The Biden government plans to restore environmental protection in Tongass National Forest in Alaska, one of the world’s largest intact, temperate rainforests, which was removed by former President Donald J. Trump.
The government plans to “revoke or replace” a Trump-era rule that has opened up about nine million acres, or more than half of the forest, for logging and road construction, according to a White House document Published Friday.
The Tongass, in southeast Alaska, is home to more than 400 species of game, fish and shellfish, including bald eagles, elk and the world’s highest concentration of black bears. Among its snow peaks, ponds and rivers are stands of red and yellow cedar and Western hemlock, as well as Sitka spruce trees at least 800 years old.
The forest also plays a key role in combating climate change. One of the world’s largest carbon sinks, its trees and soil absorb and store millions of tons of carbon dioxide that would otherwise be released into the atmosphere, where it can trap heat and contribute to global warming.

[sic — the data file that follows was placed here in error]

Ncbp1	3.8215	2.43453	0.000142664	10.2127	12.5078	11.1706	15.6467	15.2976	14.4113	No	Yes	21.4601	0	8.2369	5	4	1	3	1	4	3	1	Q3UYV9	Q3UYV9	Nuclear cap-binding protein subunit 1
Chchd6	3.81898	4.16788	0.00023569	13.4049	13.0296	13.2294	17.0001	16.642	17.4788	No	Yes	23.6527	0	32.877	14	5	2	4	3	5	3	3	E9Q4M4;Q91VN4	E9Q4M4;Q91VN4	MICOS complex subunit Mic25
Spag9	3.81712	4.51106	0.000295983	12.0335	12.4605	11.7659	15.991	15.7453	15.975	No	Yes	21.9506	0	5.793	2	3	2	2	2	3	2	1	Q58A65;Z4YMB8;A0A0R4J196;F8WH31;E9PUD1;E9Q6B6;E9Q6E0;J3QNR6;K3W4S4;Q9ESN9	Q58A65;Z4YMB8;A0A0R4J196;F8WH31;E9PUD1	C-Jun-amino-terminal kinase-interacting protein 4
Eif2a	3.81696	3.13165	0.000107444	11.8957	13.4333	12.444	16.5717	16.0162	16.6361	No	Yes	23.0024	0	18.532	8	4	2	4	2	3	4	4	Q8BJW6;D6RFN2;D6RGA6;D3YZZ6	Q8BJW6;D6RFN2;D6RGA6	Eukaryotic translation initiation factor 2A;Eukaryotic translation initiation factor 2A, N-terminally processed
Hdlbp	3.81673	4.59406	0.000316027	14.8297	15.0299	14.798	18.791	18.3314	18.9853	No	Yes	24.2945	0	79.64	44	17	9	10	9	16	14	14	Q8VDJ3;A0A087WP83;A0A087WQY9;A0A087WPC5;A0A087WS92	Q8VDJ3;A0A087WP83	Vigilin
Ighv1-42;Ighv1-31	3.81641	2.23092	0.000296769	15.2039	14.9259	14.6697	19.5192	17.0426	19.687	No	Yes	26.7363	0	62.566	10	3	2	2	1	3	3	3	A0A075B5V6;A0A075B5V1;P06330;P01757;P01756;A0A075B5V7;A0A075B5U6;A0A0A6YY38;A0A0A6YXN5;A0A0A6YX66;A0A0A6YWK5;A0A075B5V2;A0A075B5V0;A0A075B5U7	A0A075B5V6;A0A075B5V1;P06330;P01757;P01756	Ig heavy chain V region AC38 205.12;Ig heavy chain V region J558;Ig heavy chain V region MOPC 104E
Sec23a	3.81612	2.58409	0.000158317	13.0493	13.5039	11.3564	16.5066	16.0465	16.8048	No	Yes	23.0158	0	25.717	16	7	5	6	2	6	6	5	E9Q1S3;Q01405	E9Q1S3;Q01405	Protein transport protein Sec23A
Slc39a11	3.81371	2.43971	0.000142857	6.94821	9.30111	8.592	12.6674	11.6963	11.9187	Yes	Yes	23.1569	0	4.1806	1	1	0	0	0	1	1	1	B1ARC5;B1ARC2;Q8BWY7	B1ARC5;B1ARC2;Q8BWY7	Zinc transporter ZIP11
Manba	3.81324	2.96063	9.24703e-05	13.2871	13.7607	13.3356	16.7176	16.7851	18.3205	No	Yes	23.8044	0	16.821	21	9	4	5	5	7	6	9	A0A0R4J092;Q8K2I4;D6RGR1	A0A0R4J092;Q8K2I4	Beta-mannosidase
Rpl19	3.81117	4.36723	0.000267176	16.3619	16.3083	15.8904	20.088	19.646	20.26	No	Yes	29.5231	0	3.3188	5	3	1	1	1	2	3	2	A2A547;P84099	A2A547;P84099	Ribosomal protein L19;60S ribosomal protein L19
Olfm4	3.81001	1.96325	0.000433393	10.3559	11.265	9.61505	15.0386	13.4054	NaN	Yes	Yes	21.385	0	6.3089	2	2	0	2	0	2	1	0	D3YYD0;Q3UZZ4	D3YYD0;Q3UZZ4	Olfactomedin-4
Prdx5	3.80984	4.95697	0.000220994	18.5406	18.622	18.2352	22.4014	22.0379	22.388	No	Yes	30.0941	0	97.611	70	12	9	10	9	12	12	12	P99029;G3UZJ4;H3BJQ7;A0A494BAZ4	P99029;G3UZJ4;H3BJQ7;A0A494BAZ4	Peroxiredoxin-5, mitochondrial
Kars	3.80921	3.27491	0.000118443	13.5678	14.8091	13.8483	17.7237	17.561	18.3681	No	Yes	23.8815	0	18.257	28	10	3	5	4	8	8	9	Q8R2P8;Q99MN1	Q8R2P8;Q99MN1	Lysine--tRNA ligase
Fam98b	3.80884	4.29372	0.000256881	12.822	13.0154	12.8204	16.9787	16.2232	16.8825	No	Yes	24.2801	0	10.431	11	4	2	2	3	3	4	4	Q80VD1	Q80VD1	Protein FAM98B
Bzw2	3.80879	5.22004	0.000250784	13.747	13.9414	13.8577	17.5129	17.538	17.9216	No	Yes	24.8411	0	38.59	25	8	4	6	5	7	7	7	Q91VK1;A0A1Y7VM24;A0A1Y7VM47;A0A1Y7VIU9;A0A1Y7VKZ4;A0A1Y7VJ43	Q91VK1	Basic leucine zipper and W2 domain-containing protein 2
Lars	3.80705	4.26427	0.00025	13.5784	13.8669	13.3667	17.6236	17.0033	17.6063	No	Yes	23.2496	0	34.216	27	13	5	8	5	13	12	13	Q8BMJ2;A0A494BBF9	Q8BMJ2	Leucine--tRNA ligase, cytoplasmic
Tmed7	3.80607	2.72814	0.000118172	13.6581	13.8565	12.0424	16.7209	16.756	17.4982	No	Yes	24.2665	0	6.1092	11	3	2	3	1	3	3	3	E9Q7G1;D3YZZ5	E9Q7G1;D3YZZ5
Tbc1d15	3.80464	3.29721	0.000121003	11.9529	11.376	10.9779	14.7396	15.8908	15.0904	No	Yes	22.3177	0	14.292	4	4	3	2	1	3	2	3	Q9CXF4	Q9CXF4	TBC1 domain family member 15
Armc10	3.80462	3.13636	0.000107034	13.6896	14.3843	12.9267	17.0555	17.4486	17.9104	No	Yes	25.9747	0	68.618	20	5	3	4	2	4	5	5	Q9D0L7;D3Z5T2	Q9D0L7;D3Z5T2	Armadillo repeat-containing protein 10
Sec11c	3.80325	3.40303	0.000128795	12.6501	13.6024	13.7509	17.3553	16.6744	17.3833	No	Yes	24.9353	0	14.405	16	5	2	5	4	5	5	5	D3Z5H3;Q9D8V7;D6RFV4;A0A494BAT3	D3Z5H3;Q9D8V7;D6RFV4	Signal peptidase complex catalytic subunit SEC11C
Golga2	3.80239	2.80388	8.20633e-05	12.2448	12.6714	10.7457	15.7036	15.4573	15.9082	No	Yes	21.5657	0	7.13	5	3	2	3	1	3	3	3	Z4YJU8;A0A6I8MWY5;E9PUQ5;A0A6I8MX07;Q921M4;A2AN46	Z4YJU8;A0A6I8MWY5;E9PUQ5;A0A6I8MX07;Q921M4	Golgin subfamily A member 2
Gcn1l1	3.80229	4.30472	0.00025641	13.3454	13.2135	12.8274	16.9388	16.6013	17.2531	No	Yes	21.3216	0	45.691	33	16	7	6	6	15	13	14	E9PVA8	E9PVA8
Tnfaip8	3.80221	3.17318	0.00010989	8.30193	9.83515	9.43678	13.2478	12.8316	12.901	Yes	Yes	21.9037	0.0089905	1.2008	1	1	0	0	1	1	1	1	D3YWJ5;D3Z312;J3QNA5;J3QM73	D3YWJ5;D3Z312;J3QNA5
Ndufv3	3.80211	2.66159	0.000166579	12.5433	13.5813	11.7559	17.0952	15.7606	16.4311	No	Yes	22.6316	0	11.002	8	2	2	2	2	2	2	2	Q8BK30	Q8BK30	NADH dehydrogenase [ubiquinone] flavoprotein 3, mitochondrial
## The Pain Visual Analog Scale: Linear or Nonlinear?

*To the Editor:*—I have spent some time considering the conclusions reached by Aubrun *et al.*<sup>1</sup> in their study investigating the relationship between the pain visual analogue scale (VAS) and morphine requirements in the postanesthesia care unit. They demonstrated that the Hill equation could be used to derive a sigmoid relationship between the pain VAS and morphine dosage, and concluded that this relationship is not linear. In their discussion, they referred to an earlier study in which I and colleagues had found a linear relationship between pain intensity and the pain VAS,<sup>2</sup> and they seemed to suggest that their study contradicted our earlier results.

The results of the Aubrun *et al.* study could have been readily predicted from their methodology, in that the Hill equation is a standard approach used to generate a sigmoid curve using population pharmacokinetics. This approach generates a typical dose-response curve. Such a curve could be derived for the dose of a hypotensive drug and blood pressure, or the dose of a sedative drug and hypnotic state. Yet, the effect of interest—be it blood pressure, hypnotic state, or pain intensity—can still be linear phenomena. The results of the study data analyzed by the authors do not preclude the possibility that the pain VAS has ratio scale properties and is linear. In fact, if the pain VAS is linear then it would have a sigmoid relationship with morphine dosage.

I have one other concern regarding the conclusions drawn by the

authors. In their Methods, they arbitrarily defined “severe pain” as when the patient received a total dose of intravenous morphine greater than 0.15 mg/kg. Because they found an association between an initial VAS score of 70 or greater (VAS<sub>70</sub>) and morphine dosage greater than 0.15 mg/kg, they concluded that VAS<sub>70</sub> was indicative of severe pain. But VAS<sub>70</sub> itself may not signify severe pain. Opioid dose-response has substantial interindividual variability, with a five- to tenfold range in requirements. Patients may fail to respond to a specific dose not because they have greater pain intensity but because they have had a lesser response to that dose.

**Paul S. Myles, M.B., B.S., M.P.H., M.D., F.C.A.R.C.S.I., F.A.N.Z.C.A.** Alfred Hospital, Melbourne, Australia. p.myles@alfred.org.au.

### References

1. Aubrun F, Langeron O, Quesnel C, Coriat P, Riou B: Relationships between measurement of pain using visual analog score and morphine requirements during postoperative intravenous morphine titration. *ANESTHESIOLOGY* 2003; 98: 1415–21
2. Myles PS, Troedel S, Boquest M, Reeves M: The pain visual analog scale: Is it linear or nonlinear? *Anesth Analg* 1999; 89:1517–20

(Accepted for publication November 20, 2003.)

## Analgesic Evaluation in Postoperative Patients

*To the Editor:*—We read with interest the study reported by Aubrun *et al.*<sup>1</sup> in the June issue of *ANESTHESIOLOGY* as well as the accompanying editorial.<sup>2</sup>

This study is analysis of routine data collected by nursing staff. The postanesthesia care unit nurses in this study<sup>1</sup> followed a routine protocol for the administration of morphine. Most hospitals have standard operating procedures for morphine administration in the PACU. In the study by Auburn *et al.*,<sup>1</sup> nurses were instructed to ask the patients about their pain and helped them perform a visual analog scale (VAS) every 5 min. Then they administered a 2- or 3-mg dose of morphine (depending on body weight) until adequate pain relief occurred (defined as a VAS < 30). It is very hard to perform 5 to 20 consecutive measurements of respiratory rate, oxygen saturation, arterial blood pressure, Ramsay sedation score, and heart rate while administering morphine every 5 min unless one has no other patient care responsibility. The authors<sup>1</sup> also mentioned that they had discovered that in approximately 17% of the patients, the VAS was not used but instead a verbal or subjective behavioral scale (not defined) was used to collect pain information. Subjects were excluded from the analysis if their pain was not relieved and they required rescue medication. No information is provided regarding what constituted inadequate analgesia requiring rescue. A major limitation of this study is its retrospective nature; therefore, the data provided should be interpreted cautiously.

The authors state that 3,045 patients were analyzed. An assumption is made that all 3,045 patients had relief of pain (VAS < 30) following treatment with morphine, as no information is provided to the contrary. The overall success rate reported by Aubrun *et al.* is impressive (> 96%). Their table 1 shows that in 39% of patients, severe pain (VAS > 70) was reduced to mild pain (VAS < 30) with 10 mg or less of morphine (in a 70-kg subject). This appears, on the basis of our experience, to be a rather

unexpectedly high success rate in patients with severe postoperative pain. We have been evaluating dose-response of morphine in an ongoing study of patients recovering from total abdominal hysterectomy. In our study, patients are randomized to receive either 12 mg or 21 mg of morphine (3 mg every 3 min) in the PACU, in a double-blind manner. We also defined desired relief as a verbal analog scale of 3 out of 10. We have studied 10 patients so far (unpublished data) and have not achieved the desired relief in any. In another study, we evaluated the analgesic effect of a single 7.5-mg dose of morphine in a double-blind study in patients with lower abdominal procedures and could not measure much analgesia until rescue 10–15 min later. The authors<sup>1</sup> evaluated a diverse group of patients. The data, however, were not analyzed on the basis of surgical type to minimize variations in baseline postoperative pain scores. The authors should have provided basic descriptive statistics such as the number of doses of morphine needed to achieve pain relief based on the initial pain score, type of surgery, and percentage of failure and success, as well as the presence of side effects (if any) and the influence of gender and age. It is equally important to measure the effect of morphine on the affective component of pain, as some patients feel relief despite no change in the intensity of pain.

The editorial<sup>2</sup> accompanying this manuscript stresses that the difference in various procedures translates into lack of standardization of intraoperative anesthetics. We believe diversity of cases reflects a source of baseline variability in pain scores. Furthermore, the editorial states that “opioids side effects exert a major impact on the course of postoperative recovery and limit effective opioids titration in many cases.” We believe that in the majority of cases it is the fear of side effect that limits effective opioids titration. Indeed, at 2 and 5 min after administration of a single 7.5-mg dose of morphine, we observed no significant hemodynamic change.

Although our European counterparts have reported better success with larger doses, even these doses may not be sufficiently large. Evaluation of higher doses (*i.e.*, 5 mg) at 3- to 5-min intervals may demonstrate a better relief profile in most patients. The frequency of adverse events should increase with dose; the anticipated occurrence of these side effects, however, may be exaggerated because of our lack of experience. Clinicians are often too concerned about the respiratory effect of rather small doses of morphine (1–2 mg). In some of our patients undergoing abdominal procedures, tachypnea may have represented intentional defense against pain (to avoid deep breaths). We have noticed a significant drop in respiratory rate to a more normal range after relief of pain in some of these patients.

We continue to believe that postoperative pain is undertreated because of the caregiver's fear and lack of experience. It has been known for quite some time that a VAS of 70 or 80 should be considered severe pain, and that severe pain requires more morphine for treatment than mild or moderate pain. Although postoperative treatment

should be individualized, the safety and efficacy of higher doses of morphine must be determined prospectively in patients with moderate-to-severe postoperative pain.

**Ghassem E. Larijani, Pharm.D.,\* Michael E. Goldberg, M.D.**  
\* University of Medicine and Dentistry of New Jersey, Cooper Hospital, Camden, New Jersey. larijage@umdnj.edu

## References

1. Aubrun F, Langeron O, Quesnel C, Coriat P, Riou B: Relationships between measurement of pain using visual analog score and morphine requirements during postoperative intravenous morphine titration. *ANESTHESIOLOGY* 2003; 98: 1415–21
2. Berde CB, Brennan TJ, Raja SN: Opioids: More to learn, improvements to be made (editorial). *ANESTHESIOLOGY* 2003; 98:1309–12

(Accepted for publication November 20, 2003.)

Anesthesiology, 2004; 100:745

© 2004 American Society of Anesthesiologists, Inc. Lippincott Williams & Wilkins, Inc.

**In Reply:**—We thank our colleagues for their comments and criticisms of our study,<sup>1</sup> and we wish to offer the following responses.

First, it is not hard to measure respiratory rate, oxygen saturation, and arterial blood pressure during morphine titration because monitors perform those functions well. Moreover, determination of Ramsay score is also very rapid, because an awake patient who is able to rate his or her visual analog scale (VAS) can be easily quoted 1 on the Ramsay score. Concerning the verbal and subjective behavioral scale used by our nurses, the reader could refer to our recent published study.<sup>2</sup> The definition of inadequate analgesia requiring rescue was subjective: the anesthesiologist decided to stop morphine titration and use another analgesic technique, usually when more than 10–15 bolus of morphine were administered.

The national forest has been protected from logging, mining and other development since 2001 by a policy known as the roadless rule, which prevented the construction of the road needed for the other activities.
But last year, Mr. Trump lifted the rule for a large portion of Tongass, and pleased Alaska lawmakers who have been campaigning for the change for years. The move was attacked by environmentalists and the majority of commentators who formally registered opinions with the government.
“USDA acknowledges the Trump administration’s decision on Alaska’s roadless rule was controversial and does not agree with the vast majority of public opinion across the country and among Alaskans,” said Matt Herrick, a spokesman for the U.S. Department of Agriculture. , the parent agency of the Forest Service. “We recognize the important role that the forest and its inventories play in roadless areas in communities, and in the economy and culture of Southeast Alaska, as well as climate resilience. Future decisions on the role of the Tongass National Forest should continue to reflect the best interests of Alaska and the country as a whole. ”